My mother has created iron-clad rules to fend off her fears. While we her children are familiar with many of these fears and their ameliorating rules, there are probably more that she keeps secret. For example, we didn’t know until she was in her sixties that she had fear-inspired rules against elevators and escalators. She managed to avoid taking us anywhere that would force her to use either type of conveyance throughout our entire childhoods. Well, she managed to avoid taking us almost anywhere period.
The rules that we do know well include those for her notions of food safety and the essential life-preserving protection of constant refrigeration and early disposal. She loves food, but ironically food is a source of imminent danger with jackrabbit reflexes that can be controlled only through a ruthless vigilance. My mother’s food rules focus especially on the threat represented by comestibles that should be chilled but that have been recklessly left out of the refrigerator for more than a few minutes – risky but delicious items such as mayonnaise or god forbid a volatile tuna fish sandwich.
Sometimes she calls to get my confirmation on the wisdom of throwing away food, and not just food that the label commands be refrigerated after opening. Food age in general is also a life-threatening condition, and printed expiration dates are to be regarded as a provocation that teeters between an irresponsibly liberal suggestion and a bold dare.
I usually don’t think disposal is necessary no matter what challenging circumstances she presents, but she isn’t interested in my opinion. Any food she asks about is already tagged as seething with rapidly reproducing lethal bacteria and destined for the trashcan. She calls me because she needs someone to listen to her puzzle as an intermediate step between the emergence of her worry and the execution of her solution. She has never had food poisoning, but is certain this escape from peril has occurred only because of her hyper-alert security system.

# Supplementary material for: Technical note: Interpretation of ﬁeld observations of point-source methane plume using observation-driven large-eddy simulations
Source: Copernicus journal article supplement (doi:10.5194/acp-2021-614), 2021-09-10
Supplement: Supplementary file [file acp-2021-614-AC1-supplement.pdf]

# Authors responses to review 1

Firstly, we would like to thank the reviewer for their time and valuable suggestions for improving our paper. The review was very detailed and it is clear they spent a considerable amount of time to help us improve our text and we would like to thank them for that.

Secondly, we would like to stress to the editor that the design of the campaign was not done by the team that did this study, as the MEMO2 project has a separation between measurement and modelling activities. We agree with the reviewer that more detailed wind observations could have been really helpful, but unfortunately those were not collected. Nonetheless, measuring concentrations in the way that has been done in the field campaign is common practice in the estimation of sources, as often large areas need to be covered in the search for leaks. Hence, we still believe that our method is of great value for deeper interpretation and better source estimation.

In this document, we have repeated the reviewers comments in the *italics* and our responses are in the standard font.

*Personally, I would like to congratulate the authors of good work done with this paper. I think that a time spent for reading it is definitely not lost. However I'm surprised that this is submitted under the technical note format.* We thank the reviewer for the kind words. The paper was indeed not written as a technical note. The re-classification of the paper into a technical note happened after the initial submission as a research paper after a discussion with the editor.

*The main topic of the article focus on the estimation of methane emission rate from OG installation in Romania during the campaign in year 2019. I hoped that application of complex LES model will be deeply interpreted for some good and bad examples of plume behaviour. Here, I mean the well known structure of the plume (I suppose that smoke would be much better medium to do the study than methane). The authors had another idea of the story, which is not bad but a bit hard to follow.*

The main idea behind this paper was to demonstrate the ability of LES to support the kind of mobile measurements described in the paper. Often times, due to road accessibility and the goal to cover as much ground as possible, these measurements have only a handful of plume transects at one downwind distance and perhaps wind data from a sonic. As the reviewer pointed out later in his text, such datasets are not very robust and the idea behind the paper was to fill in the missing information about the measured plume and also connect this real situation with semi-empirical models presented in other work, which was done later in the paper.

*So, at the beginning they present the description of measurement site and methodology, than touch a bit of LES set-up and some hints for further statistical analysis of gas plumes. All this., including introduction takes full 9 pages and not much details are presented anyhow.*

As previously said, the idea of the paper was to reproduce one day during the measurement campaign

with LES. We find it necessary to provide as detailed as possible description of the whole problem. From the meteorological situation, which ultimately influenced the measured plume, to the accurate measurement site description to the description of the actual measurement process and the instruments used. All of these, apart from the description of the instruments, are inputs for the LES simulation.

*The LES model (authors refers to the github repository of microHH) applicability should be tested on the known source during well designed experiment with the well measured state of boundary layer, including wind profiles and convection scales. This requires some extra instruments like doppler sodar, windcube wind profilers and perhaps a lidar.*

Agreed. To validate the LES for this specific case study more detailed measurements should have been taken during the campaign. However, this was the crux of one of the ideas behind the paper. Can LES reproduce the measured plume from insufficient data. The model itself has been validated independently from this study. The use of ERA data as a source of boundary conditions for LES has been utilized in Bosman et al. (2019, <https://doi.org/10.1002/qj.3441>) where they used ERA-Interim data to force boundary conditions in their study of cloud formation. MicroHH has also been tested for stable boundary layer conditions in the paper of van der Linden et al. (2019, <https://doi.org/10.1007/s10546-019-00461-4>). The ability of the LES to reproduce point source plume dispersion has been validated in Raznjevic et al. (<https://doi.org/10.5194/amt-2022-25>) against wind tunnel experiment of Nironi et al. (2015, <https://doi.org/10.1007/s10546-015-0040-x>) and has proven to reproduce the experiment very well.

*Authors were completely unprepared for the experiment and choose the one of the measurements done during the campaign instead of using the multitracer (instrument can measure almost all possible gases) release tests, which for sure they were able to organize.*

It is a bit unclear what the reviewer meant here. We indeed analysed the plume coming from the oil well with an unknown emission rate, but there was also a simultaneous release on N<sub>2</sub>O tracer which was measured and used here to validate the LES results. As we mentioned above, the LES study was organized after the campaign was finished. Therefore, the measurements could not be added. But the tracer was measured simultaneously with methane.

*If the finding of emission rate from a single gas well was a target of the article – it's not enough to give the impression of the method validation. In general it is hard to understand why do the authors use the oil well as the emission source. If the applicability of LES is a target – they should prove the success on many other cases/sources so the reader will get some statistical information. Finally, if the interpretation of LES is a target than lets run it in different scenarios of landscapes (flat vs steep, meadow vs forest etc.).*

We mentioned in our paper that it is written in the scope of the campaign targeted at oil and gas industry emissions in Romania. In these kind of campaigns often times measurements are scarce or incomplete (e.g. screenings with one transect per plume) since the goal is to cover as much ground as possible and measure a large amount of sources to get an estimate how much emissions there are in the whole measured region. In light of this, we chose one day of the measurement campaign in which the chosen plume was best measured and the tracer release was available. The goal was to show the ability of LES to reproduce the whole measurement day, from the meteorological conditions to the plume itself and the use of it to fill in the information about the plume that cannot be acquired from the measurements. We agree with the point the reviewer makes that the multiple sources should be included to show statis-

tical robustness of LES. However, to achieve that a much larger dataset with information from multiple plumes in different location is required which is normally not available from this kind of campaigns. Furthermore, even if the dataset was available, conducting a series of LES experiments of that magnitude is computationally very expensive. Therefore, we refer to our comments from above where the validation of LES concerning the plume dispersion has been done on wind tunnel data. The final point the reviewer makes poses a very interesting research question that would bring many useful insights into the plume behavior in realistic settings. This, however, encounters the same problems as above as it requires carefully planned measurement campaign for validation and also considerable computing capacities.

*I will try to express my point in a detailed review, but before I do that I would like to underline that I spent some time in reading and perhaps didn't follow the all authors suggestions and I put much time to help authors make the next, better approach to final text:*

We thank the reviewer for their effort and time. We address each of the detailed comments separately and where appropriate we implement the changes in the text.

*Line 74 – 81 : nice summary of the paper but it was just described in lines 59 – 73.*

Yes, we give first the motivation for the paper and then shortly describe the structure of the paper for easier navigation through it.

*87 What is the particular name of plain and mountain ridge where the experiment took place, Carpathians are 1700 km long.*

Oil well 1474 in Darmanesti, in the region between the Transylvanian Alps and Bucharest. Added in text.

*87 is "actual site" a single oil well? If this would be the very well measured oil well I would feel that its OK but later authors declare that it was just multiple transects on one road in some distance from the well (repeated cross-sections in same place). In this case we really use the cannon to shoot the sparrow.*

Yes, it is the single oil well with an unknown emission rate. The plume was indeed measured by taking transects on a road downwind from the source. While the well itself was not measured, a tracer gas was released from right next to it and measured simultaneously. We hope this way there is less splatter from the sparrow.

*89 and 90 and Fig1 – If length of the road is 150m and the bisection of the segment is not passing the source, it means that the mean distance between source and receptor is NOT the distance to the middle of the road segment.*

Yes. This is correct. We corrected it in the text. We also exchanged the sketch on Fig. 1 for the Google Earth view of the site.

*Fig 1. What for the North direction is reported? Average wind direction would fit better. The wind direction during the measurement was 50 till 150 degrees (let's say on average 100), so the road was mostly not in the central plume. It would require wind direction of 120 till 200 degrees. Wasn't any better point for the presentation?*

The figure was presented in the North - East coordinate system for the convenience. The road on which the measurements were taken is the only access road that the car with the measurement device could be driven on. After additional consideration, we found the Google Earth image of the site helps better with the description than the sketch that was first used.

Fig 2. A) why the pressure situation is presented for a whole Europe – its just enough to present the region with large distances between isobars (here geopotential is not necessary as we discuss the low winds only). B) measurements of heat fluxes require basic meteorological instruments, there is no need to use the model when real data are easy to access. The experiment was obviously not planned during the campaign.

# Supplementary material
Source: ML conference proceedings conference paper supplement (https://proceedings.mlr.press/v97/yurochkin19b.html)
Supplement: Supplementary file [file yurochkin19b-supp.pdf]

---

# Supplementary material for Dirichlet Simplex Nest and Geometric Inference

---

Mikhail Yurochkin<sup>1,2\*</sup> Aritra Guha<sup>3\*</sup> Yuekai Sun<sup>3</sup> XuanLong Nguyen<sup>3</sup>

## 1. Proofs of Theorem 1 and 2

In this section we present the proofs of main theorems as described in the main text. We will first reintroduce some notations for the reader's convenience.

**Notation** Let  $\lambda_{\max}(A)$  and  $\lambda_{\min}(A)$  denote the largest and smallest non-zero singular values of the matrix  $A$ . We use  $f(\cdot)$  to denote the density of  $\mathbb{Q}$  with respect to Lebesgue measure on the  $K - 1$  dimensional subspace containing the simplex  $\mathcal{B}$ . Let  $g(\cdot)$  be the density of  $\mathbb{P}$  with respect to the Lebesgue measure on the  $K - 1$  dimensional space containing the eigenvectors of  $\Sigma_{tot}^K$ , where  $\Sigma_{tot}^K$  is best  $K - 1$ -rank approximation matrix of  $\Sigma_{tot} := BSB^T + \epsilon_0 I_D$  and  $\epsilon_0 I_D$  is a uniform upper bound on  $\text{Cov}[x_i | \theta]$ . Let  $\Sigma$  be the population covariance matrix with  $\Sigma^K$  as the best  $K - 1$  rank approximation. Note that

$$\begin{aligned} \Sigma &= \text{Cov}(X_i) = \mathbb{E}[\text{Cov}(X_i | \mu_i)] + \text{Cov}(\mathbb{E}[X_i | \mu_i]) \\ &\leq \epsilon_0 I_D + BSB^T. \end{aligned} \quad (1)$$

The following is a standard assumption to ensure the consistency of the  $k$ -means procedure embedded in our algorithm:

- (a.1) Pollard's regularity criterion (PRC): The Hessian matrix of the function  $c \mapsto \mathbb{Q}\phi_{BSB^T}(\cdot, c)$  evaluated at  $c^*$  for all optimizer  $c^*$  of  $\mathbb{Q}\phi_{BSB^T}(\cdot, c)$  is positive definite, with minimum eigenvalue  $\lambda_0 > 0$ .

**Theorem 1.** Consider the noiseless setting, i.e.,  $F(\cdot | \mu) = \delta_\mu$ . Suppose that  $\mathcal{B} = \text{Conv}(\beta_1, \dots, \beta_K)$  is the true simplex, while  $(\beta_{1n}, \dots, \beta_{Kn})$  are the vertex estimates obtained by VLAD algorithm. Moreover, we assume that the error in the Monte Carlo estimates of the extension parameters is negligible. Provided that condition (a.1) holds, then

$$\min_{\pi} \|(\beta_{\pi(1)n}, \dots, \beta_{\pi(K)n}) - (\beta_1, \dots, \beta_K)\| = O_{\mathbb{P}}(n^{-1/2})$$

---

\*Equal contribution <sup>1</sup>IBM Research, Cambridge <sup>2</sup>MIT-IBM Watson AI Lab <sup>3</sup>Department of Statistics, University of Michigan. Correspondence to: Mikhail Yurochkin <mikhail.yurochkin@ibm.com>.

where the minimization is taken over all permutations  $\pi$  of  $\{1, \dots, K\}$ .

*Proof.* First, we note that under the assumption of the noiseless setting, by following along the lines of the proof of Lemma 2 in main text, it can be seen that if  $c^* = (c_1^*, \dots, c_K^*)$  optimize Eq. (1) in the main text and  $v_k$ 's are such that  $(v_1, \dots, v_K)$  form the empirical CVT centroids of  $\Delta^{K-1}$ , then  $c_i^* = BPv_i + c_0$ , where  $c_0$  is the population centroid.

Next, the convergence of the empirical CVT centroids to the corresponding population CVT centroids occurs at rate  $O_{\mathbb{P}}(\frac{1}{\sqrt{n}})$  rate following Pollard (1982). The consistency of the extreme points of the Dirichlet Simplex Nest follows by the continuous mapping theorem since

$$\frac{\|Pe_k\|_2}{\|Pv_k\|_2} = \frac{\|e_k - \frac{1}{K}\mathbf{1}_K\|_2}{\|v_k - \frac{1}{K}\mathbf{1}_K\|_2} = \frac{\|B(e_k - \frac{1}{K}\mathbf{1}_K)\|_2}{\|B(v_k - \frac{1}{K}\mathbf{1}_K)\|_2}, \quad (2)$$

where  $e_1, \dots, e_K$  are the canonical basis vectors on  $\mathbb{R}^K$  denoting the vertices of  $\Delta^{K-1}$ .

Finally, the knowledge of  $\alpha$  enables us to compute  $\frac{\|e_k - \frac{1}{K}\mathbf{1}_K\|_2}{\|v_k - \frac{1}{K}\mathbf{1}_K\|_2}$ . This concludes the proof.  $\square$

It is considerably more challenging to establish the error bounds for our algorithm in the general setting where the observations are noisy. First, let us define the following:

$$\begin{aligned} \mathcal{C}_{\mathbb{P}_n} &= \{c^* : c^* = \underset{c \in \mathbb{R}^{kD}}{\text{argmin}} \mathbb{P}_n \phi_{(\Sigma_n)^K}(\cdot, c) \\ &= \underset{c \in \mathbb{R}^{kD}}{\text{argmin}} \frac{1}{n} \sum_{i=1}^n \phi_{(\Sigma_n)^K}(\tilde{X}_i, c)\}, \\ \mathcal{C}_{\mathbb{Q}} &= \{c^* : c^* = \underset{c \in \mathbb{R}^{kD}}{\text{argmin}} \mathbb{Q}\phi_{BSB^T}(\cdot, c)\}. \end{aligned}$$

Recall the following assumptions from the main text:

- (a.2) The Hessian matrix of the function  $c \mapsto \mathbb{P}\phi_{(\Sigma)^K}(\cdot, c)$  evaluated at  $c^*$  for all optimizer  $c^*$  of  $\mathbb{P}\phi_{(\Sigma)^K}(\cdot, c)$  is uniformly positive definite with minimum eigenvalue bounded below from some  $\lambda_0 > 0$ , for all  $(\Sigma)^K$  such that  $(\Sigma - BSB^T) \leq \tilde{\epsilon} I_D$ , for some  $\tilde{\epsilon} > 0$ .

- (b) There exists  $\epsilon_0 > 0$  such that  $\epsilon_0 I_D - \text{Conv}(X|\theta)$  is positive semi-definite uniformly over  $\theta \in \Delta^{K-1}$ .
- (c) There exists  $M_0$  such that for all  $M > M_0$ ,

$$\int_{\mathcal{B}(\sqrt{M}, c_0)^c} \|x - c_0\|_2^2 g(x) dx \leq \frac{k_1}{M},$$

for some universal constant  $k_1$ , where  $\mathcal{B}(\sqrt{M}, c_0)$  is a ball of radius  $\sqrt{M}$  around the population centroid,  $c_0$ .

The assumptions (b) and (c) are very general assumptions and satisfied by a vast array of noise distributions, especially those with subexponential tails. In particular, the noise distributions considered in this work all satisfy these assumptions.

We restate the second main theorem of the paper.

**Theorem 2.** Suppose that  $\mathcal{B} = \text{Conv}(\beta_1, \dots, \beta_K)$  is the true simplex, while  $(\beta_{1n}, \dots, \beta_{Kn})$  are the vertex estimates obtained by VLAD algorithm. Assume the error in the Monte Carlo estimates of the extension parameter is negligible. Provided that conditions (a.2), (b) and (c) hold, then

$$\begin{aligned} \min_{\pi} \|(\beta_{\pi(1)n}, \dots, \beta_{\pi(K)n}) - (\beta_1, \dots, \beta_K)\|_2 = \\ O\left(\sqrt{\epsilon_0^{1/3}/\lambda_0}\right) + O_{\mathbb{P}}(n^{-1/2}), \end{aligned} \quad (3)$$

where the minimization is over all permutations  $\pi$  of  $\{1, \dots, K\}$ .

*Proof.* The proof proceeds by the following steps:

Her children roll their eyes over the rules and her obsession with what she has defined as “the safe side.” There’s no point in trying to reason with her on the rules. She isn’t going to harm herself with over-boiled eggs or go hungry because she threw out perfectly good food when it has violated one of her safety rules.
Her rules never put her in danger; they keep her in an inflexible cocoon of excessive caution that limits her life experience along with calming her worries and reducing her perception of risk to herself.
Where her fear-first policy really does diminish her life is not when it revolves around suspect expiration dates or unrefrigerated mayonnaise or sinister elevators. It’s when she doesn’t travel, doesn’t meet new people, doesn’t try different things, doesn’t experiment, doesn’t open her heart. Not only has she missed so many wonderful experiences, she has robbed herself of sharing these experiences with people she should care about.
She robbed us too. I see other kids’ out-of-town grandparents at their graduations, their awards ceremonies, their plays, their big games or just at a restaurant and feel bad for her that she doesn’t want that involvement for herself or for her family. I feel bad for my kids that they don’t have that relationship with their grandmother. Surely life is more than safety, self-indulgence and fending off stress, but often that seems to be all that matters to my mother.
Copyright 2014 Sarah Meyer Noel. All rights reserved.